[10 August 2011]
PopMatters Associate Music Editor
Celebration Day: The Led Zeppelin Encyclopedia is an unofficial compendium covering various facts about the band, its members, their associates and of course, the music. Written by rock journalists Malcolm Dome and Jerry Ewing, Celebration Day is exactly what its subtitle states, an encyclopedia. The reference-style entries are alphabetical with black and white photos interspersed throughout.
Celebration Day is a rather slim volume at less than 300 pages, but it does contain material from the pre-Zeppelin days right up through the relatively current projects of the surviving members. That’s not to say it’s by any means complete, and that’s where one begins to question its existence. Who is this publication meant to target? The book jacket states “Facts and figures that even the keenest follower might have missed…”, so one would think that this is for die-hard fans. Well, being quite a fan myself, I can tell you it isn’t. There isn’t one entry here that told me anything new. To be fair, I am a music journalist, so I tend to know more details about bands I like than the average music lover, but I am by no means anywhere near the “keenest” of Led Zeppelin’s followers.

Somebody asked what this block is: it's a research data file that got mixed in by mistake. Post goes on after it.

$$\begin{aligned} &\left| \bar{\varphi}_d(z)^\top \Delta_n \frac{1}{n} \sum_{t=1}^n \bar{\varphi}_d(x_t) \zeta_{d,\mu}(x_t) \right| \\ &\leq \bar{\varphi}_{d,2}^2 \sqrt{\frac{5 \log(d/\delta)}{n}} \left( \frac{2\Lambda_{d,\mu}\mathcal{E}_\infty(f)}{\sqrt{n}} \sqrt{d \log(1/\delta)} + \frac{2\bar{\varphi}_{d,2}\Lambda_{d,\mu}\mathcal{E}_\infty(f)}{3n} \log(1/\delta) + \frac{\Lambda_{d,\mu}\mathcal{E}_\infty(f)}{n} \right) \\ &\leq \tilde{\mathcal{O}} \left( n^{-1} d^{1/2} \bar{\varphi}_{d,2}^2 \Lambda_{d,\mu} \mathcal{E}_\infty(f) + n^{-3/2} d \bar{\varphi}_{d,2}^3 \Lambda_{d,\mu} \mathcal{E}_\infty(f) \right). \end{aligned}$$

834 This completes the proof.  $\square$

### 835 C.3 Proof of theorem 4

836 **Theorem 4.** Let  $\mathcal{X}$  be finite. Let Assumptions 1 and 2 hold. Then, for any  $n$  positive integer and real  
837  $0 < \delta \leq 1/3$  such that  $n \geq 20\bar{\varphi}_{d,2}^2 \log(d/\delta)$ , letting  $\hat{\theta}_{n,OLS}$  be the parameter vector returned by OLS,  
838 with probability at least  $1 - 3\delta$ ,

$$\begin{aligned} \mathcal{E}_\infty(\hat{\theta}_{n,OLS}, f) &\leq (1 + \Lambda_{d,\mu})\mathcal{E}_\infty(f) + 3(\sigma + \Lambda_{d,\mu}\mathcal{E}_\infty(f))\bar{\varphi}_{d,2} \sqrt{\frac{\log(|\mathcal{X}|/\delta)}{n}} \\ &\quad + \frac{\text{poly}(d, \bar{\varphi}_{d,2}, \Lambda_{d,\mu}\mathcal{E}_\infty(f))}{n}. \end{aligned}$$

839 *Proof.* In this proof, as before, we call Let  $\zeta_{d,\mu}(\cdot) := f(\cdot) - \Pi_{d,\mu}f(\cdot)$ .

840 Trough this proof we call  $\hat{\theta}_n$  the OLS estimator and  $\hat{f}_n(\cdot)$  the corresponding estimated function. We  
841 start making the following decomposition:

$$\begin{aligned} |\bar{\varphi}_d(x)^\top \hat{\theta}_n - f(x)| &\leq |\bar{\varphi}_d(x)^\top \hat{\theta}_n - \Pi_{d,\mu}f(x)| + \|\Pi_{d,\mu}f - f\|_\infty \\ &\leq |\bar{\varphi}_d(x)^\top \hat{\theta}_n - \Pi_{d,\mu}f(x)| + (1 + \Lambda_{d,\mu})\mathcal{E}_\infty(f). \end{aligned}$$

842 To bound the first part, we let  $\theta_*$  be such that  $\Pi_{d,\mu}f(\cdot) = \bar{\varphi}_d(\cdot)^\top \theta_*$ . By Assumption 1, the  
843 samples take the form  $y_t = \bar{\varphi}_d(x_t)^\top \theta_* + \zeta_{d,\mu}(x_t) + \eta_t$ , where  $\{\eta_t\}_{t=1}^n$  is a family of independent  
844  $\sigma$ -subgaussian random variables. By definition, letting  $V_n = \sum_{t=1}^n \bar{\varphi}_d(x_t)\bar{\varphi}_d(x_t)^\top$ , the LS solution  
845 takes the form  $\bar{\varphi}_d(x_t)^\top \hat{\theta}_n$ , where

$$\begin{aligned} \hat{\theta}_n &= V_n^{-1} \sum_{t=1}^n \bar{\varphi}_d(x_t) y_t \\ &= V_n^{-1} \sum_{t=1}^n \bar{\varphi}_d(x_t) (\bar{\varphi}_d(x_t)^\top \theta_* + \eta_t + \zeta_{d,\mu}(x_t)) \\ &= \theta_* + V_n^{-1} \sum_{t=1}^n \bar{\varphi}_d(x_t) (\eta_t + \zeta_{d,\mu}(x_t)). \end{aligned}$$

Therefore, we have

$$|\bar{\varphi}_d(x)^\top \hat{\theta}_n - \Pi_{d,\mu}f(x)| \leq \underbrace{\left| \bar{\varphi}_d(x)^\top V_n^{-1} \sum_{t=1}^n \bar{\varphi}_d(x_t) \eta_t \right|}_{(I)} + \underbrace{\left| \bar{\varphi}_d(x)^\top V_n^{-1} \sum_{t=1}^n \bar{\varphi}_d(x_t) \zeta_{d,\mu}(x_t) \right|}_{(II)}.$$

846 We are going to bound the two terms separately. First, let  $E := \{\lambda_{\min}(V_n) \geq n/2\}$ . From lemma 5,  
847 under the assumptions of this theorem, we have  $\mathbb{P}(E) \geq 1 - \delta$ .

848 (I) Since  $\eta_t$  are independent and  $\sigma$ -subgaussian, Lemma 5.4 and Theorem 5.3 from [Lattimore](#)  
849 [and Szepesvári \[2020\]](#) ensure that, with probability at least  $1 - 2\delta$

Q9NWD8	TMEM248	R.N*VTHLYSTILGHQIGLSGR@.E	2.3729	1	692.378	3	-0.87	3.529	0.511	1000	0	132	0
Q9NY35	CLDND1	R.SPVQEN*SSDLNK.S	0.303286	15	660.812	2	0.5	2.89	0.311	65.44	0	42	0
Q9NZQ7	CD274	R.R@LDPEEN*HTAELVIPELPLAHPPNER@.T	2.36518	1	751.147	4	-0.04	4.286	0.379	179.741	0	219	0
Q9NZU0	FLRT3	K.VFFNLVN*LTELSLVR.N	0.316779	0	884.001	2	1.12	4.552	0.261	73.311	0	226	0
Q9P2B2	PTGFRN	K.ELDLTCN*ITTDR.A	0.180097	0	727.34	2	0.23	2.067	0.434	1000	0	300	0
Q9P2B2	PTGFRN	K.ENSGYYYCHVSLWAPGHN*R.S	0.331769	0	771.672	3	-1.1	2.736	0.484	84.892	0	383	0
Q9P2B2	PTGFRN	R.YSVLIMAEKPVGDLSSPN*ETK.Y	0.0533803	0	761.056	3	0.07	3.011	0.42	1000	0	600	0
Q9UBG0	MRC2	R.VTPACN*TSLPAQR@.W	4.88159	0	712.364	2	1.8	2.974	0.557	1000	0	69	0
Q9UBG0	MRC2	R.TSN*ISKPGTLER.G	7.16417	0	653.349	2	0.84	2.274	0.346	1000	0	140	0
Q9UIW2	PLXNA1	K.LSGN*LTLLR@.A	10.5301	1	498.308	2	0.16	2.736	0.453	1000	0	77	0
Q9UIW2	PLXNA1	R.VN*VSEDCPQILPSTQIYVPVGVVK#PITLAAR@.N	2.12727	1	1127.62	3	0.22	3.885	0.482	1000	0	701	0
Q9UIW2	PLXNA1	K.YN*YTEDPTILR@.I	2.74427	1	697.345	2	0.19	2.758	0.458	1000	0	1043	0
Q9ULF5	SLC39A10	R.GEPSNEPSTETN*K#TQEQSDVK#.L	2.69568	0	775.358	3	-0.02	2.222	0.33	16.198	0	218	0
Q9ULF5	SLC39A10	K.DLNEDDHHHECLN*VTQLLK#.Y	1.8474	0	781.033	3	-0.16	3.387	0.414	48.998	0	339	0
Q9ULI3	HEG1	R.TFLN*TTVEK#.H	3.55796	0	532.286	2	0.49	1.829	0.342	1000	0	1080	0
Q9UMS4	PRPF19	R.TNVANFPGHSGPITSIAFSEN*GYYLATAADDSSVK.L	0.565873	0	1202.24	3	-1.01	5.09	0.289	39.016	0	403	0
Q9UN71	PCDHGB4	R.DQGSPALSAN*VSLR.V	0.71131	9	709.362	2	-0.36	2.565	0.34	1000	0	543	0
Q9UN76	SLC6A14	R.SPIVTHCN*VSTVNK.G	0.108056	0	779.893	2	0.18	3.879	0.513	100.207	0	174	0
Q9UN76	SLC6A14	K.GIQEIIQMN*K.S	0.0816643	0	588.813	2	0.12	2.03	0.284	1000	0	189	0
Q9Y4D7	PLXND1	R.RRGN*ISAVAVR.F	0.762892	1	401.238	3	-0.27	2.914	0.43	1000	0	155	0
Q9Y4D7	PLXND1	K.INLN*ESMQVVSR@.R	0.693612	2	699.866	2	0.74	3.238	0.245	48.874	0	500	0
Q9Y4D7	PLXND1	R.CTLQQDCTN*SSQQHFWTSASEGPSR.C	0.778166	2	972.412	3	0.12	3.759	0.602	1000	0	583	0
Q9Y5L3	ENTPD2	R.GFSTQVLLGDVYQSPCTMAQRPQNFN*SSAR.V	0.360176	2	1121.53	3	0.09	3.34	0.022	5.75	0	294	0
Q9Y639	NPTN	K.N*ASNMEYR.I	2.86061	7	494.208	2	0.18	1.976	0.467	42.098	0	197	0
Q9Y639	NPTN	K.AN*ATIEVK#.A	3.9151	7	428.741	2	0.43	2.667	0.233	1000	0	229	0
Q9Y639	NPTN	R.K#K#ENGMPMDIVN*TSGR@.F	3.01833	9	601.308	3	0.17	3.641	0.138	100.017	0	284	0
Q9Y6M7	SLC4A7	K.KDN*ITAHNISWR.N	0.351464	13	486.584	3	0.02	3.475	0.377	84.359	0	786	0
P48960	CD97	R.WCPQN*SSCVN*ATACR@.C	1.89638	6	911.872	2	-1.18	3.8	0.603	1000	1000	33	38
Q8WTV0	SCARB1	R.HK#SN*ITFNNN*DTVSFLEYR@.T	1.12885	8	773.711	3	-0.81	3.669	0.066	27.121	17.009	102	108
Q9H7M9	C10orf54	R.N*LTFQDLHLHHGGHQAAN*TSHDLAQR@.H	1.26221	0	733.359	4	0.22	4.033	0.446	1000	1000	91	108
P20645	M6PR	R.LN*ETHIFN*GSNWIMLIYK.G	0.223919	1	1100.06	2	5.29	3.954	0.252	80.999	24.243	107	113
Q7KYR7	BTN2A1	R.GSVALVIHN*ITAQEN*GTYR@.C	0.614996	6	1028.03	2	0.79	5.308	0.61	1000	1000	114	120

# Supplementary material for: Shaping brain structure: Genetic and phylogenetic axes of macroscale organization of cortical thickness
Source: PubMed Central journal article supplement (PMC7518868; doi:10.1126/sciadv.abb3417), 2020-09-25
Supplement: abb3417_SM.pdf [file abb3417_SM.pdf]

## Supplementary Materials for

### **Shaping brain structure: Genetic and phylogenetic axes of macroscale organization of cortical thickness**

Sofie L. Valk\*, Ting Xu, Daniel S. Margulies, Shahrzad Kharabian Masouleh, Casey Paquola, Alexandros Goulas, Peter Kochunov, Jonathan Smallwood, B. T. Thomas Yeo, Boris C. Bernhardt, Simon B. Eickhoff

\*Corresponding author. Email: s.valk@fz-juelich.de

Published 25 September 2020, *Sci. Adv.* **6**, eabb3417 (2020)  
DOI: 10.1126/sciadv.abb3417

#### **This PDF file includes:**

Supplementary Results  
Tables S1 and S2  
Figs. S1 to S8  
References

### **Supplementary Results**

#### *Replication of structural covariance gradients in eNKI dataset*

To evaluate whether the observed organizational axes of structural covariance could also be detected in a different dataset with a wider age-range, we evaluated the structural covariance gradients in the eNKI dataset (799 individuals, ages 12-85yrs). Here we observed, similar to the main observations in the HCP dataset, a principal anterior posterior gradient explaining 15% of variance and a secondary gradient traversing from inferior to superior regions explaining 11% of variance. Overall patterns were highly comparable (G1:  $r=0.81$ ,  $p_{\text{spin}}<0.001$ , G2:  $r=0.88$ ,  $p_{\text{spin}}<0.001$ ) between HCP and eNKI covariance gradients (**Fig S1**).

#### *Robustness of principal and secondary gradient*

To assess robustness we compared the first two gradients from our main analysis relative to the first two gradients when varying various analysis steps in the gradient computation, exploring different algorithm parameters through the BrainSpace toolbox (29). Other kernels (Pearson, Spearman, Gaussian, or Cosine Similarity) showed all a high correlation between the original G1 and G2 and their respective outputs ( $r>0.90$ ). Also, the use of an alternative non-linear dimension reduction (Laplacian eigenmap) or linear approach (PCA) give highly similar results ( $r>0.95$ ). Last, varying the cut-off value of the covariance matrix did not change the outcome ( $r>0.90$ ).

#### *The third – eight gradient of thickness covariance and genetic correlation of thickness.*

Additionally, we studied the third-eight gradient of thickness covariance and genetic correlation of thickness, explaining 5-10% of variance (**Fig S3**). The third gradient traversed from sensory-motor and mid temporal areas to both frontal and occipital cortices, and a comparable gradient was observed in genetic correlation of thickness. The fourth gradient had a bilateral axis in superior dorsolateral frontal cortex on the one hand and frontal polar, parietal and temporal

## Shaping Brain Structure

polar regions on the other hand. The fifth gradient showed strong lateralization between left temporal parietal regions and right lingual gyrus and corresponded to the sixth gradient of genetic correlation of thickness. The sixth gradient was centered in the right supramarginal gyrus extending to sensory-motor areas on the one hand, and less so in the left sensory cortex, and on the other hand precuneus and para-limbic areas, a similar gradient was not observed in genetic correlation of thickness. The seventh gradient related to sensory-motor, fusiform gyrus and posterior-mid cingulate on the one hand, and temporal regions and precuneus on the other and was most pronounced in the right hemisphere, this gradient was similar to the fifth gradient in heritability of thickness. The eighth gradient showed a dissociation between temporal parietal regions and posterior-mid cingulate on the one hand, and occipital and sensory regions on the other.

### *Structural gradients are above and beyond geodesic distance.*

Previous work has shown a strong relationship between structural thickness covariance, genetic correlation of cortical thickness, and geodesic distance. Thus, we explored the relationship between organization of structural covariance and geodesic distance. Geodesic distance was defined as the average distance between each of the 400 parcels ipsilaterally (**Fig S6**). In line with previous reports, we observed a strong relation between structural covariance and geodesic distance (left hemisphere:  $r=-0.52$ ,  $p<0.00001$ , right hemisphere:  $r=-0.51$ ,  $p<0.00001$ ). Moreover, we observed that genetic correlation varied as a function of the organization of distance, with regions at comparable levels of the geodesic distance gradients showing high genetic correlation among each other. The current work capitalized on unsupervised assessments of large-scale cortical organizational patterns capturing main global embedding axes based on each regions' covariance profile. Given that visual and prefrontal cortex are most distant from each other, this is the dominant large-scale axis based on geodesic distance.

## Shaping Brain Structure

So I think perhaps Celebration Day is meant for the new fan, or the odd person who has never read anything else about Led Zeppelin. It’s for some strange creature who never had an older sibling, who never talked to any of the stoners in the high school parking lot, but who wakes up one day with “Stairway to Heaven” blaring from a dorm-mate’s iPod, suddenly wanting to know where the musical alchemy originated. It’s debatable whether that information can be found in this book, though.
Despite the claims of “in-depth” information, most entries have a piecemeal quality with all the random bits taken from various places, and, in many entries, it appears no attempt was made to fit these pieces together. The facts in some entries are, of course, arguable, but there were several places where this stitching—either by accidental context or sloppy editing—made me question (and, if I’m honest, refute) the factual accuracy of even the easily verifiable information. This could probably have been largely avoided with a bit more attention to integrating sources and, perhaps, better editing.
Another thing that could be better is the layout. While the shortest entries are fine with a bold-type title and one or two brief paragraphs immediately beneath, the longer entries (such as the ones that cover the individual albums or remastered box sets) run on and on. There’s no demarcation or indication that there’s a new topic, or an alternate opinion within entries, particularly those not broken up by photographs, and some of the longest entries span many pages. In a two-column, text-heavy, tightly kerned format, it becomes a bit monotonous. Maybe it is because this is a paperback edition, with only black and white photos, that an absence of typographical variance becomes an issue. Or maybe it’s simply because I expected more.
For a book that says “Everything you’ll ever need to know about the band is covered.”, Celebration Day: The Led Zeppelin Encyclopedia is somewhat lacking. It may well be a suitable initial reference for the neophyte Zeppelin fan, but not for acolytes and aficionados.